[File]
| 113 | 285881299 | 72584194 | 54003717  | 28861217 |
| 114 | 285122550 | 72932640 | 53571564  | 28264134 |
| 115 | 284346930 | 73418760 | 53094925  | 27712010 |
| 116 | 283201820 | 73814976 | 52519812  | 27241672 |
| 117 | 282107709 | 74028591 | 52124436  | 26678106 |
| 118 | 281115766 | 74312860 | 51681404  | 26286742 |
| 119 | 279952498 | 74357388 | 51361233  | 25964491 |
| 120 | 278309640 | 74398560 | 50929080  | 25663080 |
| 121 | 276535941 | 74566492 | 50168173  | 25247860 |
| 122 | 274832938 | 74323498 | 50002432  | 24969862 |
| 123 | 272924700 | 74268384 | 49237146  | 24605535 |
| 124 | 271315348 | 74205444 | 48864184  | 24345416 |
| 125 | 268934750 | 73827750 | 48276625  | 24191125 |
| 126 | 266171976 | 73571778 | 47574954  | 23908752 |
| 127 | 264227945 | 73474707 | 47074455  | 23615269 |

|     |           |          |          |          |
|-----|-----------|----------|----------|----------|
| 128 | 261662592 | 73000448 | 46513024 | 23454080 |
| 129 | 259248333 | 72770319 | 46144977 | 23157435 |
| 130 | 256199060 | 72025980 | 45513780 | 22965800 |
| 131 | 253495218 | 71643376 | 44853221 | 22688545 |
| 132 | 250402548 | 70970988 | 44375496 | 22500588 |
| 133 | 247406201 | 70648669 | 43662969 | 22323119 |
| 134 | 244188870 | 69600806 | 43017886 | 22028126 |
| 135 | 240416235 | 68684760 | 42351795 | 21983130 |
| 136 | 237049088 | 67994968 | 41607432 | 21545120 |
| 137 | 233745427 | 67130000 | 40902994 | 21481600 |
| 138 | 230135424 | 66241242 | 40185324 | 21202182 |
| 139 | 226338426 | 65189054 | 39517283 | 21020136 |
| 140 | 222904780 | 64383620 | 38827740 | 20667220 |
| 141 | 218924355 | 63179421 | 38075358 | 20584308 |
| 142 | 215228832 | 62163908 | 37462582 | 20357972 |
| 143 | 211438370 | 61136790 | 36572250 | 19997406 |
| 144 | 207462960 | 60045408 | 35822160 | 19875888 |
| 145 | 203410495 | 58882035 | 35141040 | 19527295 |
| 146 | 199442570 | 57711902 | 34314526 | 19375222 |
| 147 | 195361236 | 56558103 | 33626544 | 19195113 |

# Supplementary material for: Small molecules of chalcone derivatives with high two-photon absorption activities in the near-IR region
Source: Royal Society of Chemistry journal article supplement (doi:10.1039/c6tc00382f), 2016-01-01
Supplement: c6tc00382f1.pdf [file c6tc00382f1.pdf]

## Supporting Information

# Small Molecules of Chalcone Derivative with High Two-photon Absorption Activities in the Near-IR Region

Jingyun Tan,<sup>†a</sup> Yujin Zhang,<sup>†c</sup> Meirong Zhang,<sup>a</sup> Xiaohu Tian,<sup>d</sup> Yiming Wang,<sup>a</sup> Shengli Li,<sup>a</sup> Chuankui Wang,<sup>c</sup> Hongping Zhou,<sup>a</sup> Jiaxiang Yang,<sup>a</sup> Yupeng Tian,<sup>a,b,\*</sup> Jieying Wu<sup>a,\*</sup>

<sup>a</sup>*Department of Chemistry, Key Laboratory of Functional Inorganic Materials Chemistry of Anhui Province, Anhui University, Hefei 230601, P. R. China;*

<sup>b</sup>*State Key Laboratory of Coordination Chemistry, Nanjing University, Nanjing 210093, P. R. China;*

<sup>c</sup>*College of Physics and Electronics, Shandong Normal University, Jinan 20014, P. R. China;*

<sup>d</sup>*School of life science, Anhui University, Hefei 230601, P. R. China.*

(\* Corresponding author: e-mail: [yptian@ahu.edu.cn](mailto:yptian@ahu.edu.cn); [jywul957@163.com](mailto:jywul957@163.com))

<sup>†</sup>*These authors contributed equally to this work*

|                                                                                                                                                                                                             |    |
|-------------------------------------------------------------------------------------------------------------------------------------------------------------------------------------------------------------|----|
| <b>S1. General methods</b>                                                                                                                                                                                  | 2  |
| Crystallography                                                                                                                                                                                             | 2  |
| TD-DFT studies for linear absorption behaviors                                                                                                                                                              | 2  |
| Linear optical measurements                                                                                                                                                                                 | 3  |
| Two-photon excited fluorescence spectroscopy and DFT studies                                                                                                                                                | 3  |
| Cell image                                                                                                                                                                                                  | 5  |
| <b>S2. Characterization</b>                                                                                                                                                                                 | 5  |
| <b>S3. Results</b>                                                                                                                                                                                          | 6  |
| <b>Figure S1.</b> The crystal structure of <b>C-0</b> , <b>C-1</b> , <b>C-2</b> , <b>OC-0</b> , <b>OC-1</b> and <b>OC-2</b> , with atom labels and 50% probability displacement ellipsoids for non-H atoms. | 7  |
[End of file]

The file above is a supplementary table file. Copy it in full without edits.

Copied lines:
| 113 | 285881299 | 72584194 | 54003717  | 28861217 |
| 114 | 285122550 | 72932640 | 53571564  | 28264134 |
| 115 | 284346930 | 73418760 | 53094925  | 27712010 |
| 116 | 283201820 | 73814976 | 52519812  | 27241672 |
| 117 | 282107709 | 74028591 | 52124436  | 26678106 |
| 118 | 281115766 | 74312860 | 51681404  | 26286742 |
| 119 | 279952498 | 74357388 | 51361233  | 25964491 |
| 120 | 278309640 | 74398560 | 50929080  | 25663080 |
| 121 | 276535941 | 74566492 | 50168173  | 25247860 |
| 122 | 274832938 | 74323498 | 50002432  | 24969862 |
| 123 | 272924700 | 74268384 | 49237146  | 24605535 |
| 124 | 271315348 | 74205444 | 48864184  | 24345416 |
| 125 | 268934750 | 73827750 | 48276625  | 24191125 |
| 126 | 266171976 | 73571778 | 47574954  | 23908752 |
| 127 | 264227945 | 73474707 | 47074455  | 23615269 |

|     |           |          |          |          |
|-----|-----------|----------|----------|----------|
| 128 | 261662592 | 73000448 | 46513024 | 23454080 |
| 129 | 259248333 | 72770319 | 46144977 | 23157435 |
| 130 | 256199060 | 72025980 | 45513780 | 22965800 |
| 131 | 253495218 | 71643376 | 44853221 | 22688545 |
| 132 | 250402548 | 70970988 | 44375496 | 22500588 |
| 133 | 247406201 | 70648669 | 43662969 | 22323119 |
| 134 | 244188870 | 69600806 | 43017886 | 22028126 |
| 135 | 240416235 | 68684760 | 42351795 | 21983130 |
| 136 | 237049088 | 67994968 | 41607432 | 21545120 |
| 137 | 233745427 | 67130000 | 40902994 | 21481600 |
| 138 | 230135424 | 66241242 | 40185324 | 21202182 |
| 139 | 226338426 | 65189054 | 39517283 | 21020136 |
| 140 | 222904780 | 64383620 | 38827740 | 20667220 |
| 141 | 218924355 | 63179421 | 38075358 | 20584308 |
| 142 | 215228832 | 62163908 | 37462582 | 20357972 |
| 143 | 211438370 | 61136790 | 36572250 | 19997406 |
| 144 | 207462960 | 60045408 | 35822160 | 19875888 |
| 145 | 203410495 | 58882035 | 35141040 | 19527295 |
| 146 | 199442570 | 57711902 | 34314526 | 19375222 |
| 147 | 195361236 | 56558103 | 33626544 | 19195113 |

# Supplementary material for: Small molecules of chalcone derivatives with high two-photon absorption activities in the near-IR region
Source: Royal Society of Chemistry journal article supplement (doi:10.1039/c6tc00382f), 2016-01-01
Supplement: c6tc00382f1.pdf [file c6tc00382f1.pdf]

## Supporting Information

# Small Molecules of Chalcone Derivative with High Two-photon Absorption Activities in the Near-IR Region

Jingyun Tan,<sup>†a</sup> Yujin Zhang,<sup>†c</sup> Meirong Zhang,<sup>a</sup> Xiaohu Tian,<sup>d</sup> Yiming Wang,<sup>a</sup> Shengli Li,<sup>a</sup> Chuankui Wang,<sup>c</sup> Hongping Zhou,<sup>a</sup> Jiaxiang Yang,<sup>a</sup> Yupeng Tian,<sup>a,b,\*</sup> Jieying Wu<sup>a,\*</sup>

<sup>a</sup>*Department of Chemistry, Key Laboratory of Functional Inorganic Materials Chemistry of Anhui Province, Anhui University, Hefei 230601, P. R. China;*

<sup>b</sup>*State Key Laboratory of Coordination Chemistry, Nanjing University, Nanjing 210093, P. R. China;*

<sup>c</sup>*College of Physics and Electronics, Shandong Normal University, Jinan 20014, P. R. China;*

<sup>d</sup>*School of life science, Anhui University, Hefei 230601, P. R. China.*

(\* Corresponding author: e-mail: [yptian@ahu.edu.cn](mailto:yptian@ahu.edu.cn); [jywul957@163.com](mailto:jywul957@163.com))

<sup>†</sup>*These authors contributed equally to this work*

|                                                                                                                                                                                                             |    |
|-------------------------------------------------------------------------------------------------------------------------------------------------------------------------------------------------------------|----|
| <b>S1. General methods</b>                                                                                                                                                                                  | 2  |
| Crystallography                                                                                                                                                                                             | 2  |
| TD-DFT studies for linear absorption behaviors                                                                                                                                                              | 2  |
| Linear optical measurements                                                                                                                                                                                 | 3  |
| Two-photon excited fluorescence spectroscopy and DFT studies                                                                                                                                                | 3  |
| Cell image                                                                                                                                                                                                  | 5  |
| <b>S2. Characterization</b>                                                                                                                                                                                 | 5  |
| <b>S3. Results</b>                                                                                                                                                                                          | 6  |
| <b>Figure S1.</b> The crystal structure of <b>C-0</b> , <b>C-1</b> , <b>C-2</b> , <b>OC-0</b> , <b>OC-1</b> and <b>OC-2</b> , with atom labels and 50% probability displacement ellipsoids for non-H atoms. | 7  |